Make hay and electricity while the sun shines.
Solar cells generate DC (direct current) electricity from sunlight. The solar cells are combined in a panel / photovoltaic module. Several panels combined build the array. The panels are hail tested and sealed against corrosion.
Photovoltaic power capacity is measured as maximum power output under “standardised test conditions” (STC, you will find this on the data sheets of the solar panel manufacturers) in “Wp” (Watts peak). STC makes it possible to compare one panel product with an other, but does not really reflect the real life conditions: STC are under module temperature of 25° Celsius and radiation of 1000w/m2. In reality (it gets over 70° Celsius on your roof and radiation with an average 5350 Wh/m²/day. The radiation in winter is around 2500 w/m2, in Summer up to over 8000) your panel produces way more, because there is more sun radiation, but a little less, because it is mostly hotter than 25° C.
So on one hand you compare panels under standard conditions that rarely happen (but at least you can compare the panels performance) and on the other hand there are many variables on an install in real live conditions: roof orientation, roof angle, cable length of the system, temperature on the roof (yes: the colour of the roof makes a difference), cleanness of the panels (dust, bird droppings, leaves), hours of no partial shading, general weather conditions, the conversion rate and temperature behaviour of the inverter. That’s why we give only estimates of the expected performance, but the calculations encounter all these variables.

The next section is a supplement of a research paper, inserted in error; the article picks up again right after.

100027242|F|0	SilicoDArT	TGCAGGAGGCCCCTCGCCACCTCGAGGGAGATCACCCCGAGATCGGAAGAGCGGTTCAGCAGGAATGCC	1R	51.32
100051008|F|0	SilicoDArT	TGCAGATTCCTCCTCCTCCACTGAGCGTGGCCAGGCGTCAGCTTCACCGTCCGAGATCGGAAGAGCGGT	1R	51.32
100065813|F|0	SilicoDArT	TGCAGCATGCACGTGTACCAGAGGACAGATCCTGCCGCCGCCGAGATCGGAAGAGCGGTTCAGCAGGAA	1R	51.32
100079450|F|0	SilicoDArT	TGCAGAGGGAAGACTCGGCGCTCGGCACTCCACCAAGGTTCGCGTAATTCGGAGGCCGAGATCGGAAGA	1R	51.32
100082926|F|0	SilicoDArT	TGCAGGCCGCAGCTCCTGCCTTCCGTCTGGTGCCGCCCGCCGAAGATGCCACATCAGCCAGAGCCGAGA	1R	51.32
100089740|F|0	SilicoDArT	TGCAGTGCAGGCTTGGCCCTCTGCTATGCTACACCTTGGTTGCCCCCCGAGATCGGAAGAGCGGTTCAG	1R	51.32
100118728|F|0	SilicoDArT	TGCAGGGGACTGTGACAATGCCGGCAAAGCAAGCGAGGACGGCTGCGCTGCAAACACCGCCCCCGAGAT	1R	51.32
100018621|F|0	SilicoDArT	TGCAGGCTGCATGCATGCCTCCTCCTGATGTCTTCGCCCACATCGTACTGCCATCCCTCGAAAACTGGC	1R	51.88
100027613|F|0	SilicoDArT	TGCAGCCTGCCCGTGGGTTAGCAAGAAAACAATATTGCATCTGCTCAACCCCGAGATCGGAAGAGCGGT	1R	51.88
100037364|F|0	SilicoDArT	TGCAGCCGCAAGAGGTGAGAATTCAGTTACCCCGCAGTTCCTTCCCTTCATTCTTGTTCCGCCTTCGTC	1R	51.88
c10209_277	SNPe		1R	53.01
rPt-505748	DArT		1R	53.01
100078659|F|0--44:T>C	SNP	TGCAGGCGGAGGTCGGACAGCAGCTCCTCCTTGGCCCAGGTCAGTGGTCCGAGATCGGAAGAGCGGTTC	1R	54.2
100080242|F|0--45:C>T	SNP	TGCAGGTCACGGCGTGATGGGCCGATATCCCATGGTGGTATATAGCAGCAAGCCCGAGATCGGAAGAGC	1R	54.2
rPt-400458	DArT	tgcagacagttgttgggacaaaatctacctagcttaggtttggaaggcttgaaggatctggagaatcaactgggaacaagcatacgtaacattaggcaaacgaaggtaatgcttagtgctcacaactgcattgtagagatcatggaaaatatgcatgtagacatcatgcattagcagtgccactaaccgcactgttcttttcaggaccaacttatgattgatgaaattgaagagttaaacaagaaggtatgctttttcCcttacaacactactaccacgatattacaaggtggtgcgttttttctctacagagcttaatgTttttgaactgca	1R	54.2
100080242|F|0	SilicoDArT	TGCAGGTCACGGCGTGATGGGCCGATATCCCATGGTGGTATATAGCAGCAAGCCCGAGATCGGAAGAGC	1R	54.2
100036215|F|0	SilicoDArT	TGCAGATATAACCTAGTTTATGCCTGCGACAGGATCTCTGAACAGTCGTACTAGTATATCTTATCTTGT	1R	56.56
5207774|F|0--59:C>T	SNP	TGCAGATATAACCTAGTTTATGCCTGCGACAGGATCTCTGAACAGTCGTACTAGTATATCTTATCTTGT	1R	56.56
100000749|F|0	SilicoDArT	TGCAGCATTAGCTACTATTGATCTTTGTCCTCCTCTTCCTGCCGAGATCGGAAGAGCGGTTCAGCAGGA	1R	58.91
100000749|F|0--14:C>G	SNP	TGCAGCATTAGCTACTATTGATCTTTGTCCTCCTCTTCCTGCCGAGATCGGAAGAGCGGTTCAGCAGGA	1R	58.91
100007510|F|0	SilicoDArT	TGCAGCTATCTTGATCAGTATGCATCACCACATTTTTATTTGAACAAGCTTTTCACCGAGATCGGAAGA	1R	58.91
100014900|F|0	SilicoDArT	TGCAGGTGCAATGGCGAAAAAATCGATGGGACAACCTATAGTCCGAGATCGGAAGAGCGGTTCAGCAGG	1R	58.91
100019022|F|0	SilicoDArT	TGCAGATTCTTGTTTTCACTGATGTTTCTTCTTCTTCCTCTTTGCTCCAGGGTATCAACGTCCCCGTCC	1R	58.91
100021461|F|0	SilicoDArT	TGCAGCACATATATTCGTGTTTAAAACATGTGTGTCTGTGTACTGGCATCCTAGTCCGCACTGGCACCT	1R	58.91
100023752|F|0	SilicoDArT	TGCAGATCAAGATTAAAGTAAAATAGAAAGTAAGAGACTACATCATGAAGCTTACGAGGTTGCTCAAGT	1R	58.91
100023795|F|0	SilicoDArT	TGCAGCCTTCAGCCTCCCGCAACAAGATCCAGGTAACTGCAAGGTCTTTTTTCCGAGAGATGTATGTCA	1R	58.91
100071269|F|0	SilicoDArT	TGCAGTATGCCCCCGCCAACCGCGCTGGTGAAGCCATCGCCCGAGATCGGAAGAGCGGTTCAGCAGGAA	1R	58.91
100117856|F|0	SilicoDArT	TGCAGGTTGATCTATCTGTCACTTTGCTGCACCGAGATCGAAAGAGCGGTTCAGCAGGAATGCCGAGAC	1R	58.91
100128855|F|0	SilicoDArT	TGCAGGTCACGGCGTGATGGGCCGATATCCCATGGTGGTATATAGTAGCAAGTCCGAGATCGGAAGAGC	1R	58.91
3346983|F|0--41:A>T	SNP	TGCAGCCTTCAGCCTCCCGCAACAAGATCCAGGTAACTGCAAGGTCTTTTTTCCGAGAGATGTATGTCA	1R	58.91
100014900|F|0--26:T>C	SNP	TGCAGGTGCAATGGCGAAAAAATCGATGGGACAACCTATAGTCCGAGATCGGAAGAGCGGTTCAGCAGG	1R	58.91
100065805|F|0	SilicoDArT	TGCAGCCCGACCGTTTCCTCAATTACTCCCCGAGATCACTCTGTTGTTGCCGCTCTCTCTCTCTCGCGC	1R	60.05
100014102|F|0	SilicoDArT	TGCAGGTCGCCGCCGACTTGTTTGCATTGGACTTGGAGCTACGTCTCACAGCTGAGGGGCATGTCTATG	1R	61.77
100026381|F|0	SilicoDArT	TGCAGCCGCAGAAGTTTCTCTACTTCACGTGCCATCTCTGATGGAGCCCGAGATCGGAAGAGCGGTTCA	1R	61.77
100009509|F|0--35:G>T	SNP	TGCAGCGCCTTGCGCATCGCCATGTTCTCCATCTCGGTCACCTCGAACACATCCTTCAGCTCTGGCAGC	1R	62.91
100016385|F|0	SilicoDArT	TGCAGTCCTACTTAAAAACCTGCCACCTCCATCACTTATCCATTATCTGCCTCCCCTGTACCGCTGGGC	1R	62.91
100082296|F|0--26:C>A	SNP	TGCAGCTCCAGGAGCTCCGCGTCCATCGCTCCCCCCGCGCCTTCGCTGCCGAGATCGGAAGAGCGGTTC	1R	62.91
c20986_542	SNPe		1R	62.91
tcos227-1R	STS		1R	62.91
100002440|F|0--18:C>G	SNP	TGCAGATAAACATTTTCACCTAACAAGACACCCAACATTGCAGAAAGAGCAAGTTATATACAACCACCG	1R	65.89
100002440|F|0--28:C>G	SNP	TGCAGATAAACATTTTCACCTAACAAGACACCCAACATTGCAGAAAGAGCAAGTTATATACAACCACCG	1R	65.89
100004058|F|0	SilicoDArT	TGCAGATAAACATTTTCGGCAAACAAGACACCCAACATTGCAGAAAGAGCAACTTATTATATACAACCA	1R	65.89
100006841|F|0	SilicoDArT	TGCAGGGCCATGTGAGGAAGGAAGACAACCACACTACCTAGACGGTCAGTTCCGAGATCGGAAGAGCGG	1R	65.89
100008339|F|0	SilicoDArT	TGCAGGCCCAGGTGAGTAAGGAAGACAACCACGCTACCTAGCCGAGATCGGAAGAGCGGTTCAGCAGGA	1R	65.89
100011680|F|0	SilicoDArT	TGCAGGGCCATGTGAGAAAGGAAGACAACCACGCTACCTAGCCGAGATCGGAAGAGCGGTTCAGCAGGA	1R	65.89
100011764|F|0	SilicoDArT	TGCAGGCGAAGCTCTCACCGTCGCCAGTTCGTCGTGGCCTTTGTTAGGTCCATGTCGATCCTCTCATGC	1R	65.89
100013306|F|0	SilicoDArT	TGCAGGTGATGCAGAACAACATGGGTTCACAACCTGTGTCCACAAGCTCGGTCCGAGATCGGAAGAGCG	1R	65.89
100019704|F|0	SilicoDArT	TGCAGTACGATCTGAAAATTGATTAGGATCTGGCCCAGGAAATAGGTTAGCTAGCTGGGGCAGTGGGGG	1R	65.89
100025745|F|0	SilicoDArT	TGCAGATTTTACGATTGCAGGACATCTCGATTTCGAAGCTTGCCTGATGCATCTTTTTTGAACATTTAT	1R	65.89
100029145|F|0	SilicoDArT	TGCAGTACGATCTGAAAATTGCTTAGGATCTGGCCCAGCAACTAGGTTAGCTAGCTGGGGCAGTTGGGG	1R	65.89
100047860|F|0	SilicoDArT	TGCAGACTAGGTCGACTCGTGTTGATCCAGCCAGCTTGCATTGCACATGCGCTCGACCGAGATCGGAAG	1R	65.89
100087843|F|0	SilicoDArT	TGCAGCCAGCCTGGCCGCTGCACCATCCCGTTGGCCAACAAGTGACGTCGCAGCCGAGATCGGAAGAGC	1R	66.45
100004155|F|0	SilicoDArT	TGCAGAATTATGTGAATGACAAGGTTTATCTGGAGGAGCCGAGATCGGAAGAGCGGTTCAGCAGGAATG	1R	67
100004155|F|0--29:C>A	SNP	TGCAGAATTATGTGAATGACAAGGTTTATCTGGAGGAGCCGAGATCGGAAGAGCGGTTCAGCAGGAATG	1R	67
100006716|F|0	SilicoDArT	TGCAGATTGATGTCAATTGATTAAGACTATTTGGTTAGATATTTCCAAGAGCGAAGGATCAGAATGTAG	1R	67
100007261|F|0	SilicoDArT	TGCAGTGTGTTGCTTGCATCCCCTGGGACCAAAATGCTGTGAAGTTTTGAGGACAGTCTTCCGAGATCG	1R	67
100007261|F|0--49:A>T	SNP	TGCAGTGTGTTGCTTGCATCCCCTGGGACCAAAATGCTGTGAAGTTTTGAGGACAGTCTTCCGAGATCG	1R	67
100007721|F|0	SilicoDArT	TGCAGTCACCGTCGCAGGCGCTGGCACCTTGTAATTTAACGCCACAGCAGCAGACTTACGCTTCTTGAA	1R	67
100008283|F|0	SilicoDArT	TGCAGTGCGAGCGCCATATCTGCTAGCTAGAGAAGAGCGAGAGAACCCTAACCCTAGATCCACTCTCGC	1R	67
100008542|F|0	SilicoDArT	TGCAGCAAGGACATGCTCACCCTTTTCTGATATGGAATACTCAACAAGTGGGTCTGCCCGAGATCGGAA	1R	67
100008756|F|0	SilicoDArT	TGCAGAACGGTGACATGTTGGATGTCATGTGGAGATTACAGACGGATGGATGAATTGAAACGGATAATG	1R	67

The DC electrical energy goes to the inverter, where DC (direct current) is changed into 240V AC (alternating current). The inverter does this in an as efficient way as possible (you can compare the efficiency of inverters comparing the EU (or European) efficiency. Inverters need to have a big temperature range of operation. Specially in Australian conditions it’s important to have the matching inverter and the right position, where the inverter is mounted. Another relevant factor an inverter has to cover, is the range of AC voltage it can run with. This comes into play, when the grid is running on a slightly higher voltage, something a home owner or his electrician has no influence on. And last but not least: with the inverter you buy a dependency on a company that ideally has a representative within Australia and is able to stay on the market for many years to come.
Once the electrical power is changed from DC to AC current, it runs through your utility meter and your switch board to power the appliances of your home. The surplus of electricity you don’t consume in house will go into the grid - your meter will record the in- and outgoing electricity. At night, when your panels are not producing power, you receive all the power off the grid. In case of a grid failure or an interruption, for example because of services on the grid, your inverter shuts your solar system down. This means you are, with a grid connected solar system NOT independent from the grid.
For any questions you might have we try our best to answer them when we meet.
Estimate of average daily power production
on a North facing roof 30° pitch in Perth WA
|2 KW||8.8 kWh|
|3 KW||13.2 kWh|
|4 KW||17.6 kWh|
|5 KW||22 kWh|